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If You Can't Beat 'Em…

5 Dec, 2006 By: Stephanie Prange

It was a sign of the power of packaged media after the dot-com boom when producers of online shorts and other Web content began putting their stuff on DVD. Last week, we saw another nod to the packaged media business. Wal-Mart started selling consumers the Superman Returns DVD with a sticker code to unlock low-priced downloads to put the film on a PC or portable device. Wal-Mart's Kevin Swint called it “the best of both worlds” for customers.

Certainly, this is just an interim step in the evolution of the home entertainment business. (Needless to say, sans copy protection, consumers could do all of this with a DVD on their own without Wal-Mart acting as middleman.) The ultimate solution is a disc that allows folks to copy films to a PC or portable, which may be realized with the new HD formats. A studio could specify how and to what device a consumer could download a copy from the disc, allowing for an expansion of use increasingly in demand.

Wal-Mart's significant investment in the existing packaged media DVD business most likely had much to do with the way they have piggybacked downloads onto a packaged media sale. And Warner's interest in helping them in this endeavor no doubt had a lot to do with Wal-Mart's nearly 40 percent market share of the DVD business. Still, those little shiny discs have a draw all their own.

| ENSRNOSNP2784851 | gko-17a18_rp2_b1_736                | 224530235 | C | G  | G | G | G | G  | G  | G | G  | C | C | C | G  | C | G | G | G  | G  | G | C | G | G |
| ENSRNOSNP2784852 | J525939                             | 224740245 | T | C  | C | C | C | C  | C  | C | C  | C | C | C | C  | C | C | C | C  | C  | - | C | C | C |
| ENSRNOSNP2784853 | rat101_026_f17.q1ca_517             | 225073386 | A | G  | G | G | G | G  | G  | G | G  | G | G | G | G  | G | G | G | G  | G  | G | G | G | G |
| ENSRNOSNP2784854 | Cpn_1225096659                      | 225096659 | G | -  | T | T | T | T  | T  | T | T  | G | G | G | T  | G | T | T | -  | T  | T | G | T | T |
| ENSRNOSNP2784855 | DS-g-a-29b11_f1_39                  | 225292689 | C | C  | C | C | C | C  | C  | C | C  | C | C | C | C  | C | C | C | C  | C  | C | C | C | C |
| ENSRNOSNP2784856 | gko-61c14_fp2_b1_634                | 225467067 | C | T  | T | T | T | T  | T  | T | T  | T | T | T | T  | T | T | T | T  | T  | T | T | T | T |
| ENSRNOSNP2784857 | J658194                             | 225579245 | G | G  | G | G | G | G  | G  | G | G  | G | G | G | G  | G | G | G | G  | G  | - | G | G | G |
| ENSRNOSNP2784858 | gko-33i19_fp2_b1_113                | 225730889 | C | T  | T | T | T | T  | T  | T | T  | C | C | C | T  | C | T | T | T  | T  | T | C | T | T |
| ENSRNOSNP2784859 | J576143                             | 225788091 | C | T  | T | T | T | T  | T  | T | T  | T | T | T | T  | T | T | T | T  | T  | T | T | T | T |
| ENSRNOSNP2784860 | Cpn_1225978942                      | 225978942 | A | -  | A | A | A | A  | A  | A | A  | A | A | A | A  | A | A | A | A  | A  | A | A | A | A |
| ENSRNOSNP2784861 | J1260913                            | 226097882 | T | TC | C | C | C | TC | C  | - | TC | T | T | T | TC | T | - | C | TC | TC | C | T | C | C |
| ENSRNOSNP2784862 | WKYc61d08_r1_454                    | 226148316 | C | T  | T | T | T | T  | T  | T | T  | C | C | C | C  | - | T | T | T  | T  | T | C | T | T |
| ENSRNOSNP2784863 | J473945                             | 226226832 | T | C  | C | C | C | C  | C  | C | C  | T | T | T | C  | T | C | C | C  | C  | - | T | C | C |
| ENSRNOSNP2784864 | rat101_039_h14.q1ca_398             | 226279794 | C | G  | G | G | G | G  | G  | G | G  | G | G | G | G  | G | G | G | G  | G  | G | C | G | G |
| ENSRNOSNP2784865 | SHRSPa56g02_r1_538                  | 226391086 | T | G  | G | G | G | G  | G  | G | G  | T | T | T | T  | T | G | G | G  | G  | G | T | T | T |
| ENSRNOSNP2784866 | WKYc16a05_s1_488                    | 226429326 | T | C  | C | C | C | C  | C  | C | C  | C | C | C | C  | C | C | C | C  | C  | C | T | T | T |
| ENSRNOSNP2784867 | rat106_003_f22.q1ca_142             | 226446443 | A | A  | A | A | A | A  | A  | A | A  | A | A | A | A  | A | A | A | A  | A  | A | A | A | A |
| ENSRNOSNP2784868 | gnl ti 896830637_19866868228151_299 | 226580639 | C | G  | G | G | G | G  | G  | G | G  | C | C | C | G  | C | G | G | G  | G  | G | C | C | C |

Ultimately, it's pretty hard to shake packaged media. When you put a program on your computer, do you discard the disc? Most likely, you keep it as a backup in case the program is lost or degraded. That's what I think most folks would like to do with their movies: Keep them on disc for home theater viewing — with superior sound and picture — or simply for storage, but copy them to certain devices for mobility.

Having both options is probably the best bet for most, especially since downloading top quality high-definition movies and extras takes prohibitively long. I'm just not so sure Wal-Mart will always need to be in the middle of the consumer transaction. But, for now, the Wal-Mart deal is an easy way for Warner to mollify the big chain's concerns about newfangled downloading and consumer appetites as well.

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